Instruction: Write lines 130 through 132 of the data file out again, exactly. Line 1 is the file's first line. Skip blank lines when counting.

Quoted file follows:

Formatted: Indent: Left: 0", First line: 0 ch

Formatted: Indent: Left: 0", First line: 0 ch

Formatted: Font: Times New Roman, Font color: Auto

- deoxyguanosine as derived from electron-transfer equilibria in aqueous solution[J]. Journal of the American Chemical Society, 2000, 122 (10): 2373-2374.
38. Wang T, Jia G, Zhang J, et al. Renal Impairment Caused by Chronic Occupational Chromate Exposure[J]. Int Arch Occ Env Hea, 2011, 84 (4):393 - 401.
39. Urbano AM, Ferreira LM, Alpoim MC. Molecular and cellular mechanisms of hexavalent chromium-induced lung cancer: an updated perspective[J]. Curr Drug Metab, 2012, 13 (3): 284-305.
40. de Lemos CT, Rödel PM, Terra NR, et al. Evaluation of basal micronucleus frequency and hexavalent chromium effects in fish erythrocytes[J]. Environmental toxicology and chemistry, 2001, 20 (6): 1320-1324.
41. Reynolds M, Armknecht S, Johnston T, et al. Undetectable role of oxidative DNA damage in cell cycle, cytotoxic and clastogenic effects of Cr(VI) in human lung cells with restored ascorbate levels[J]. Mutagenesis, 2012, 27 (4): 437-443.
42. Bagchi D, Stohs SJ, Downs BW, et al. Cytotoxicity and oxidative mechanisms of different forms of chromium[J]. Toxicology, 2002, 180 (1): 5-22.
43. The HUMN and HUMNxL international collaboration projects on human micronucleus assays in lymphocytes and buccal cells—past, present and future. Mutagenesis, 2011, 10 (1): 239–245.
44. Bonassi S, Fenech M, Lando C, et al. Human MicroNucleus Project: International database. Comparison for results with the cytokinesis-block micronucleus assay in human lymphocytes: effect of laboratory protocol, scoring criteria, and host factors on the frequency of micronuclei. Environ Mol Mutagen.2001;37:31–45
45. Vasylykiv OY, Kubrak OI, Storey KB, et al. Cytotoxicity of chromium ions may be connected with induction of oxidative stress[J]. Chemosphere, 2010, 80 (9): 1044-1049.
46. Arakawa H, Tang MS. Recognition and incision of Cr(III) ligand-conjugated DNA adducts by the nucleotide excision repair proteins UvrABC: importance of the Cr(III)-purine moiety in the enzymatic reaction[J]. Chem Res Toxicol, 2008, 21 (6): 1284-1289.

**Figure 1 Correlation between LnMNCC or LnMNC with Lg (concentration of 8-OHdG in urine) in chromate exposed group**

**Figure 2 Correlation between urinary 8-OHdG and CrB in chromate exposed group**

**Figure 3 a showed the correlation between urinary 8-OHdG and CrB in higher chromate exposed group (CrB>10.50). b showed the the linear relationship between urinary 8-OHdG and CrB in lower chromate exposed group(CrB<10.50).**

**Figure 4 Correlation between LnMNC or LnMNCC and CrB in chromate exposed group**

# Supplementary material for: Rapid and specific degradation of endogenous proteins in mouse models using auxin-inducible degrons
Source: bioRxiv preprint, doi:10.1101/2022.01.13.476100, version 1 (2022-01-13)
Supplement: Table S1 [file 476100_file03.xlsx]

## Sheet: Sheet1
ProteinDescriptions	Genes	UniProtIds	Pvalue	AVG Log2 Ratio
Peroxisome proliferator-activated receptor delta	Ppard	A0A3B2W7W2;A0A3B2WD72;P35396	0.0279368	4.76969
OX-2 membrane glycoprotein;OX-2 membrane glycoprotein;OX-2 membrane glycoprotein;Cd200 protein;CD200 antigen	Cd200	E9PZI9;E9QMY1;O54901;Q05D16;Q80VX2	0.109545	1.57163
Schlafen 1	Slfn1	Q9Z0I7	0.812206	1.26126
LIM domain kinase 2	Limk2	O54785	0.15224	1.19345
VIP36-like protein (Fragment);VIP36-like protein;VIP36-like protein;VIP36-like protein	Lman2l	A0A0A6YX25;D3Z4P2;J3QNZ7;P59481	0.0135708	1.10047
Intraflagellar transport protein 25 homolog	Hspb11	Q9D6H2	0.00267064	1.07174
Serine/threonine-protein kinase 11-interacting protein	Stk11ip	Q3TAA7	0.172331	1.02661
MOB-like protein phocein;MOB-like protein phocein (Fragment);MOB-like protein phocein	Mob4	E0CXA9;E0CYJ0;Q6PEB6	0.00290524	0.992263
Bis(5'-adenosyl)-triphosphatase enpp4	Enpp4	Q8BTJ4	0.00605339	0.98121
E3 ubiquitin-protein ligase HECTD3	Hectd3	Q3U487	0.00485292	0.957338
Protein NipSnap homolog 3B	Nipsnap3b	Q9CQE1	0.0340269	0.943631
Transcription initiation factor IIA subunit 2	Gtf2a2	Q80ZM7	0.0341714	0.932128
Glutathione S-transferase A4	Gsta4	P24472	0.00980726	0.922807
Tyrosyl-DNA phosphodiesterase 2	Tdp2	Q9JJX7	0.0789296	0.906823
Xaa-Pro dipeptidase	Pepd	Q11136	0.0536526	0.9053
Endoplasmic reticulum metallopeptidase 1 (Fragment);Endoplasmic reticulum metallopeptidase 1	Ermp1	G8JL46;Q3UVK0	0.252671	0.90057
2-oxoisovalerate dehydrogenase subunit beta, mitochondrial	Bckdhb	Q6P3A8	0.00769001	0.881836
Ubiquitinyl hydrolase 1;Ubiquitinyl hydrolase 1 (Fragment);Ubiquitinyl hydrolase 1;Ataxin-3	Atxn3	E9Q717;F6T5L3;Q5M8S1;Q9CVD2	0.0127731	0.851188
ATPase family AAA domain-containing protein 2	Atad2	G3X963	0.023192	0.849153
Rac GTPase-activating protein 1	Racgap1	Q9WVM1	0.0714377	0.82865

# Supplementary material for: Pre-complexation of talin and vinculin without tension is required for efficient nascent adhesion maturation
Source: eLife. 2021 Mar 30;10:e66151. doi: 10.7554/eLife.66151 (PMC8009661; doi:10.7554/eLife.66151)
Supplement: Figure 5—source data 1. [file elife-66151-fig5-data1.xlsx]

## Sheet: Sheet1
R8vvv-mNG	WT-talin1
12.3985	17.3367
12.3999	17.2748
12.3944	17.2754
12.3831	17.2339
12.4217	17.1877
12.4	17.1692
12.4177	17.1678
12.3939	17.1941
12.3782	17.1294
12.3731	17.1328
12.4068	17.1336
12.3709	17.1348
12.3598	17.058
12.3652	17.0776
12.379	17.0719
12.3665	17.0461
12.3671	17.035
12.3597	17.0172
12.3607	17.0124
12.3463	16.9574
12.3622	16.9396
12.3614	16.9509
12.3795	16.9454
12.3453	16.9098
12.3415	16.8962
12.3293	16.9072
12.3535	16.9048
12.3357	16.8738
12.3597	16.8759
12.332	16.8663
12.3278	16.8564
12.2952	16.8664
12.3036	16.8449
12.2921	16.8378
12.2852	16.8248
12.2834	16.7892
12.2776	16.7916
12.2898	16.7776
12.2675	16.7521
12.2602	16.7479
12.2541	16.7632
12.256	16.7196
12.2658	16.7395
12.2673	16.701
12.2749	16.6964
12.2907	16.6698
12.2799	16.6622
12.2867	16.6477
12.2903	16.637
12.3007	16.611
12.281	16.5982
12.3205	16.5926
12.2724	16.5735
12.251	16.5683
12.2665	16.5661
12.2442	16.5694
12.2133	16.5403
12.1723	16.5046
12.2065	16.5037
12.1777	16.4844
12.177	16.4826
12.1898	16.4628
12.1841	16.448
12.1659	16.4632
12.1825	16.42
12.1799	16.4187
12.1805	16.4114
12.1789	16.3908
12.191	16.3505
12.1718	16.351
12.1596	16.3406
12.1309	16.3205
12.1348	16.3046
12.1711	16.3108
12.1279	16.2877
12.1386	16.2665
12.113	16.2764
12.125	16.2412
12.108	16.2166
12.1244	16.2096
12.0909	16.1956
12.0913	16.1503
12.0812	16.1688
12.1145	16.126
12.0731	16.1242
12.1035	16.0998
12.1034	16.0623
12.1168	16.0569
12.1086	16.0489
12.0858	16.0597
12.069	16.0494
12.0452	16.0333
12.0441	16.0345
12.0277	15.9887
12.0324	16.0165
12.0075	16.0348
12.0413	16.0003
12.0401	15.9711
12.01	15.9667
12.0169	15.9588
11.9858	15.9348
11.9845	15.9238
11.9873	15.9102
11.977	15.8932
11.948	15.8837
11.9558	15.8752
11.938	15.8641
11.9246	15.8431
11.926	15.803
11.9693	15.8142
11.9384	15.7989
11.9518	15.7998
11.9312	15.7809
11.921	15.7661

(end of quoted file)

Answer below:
12.0812	16.1688
12.1145	16.126
12.0731	16.1242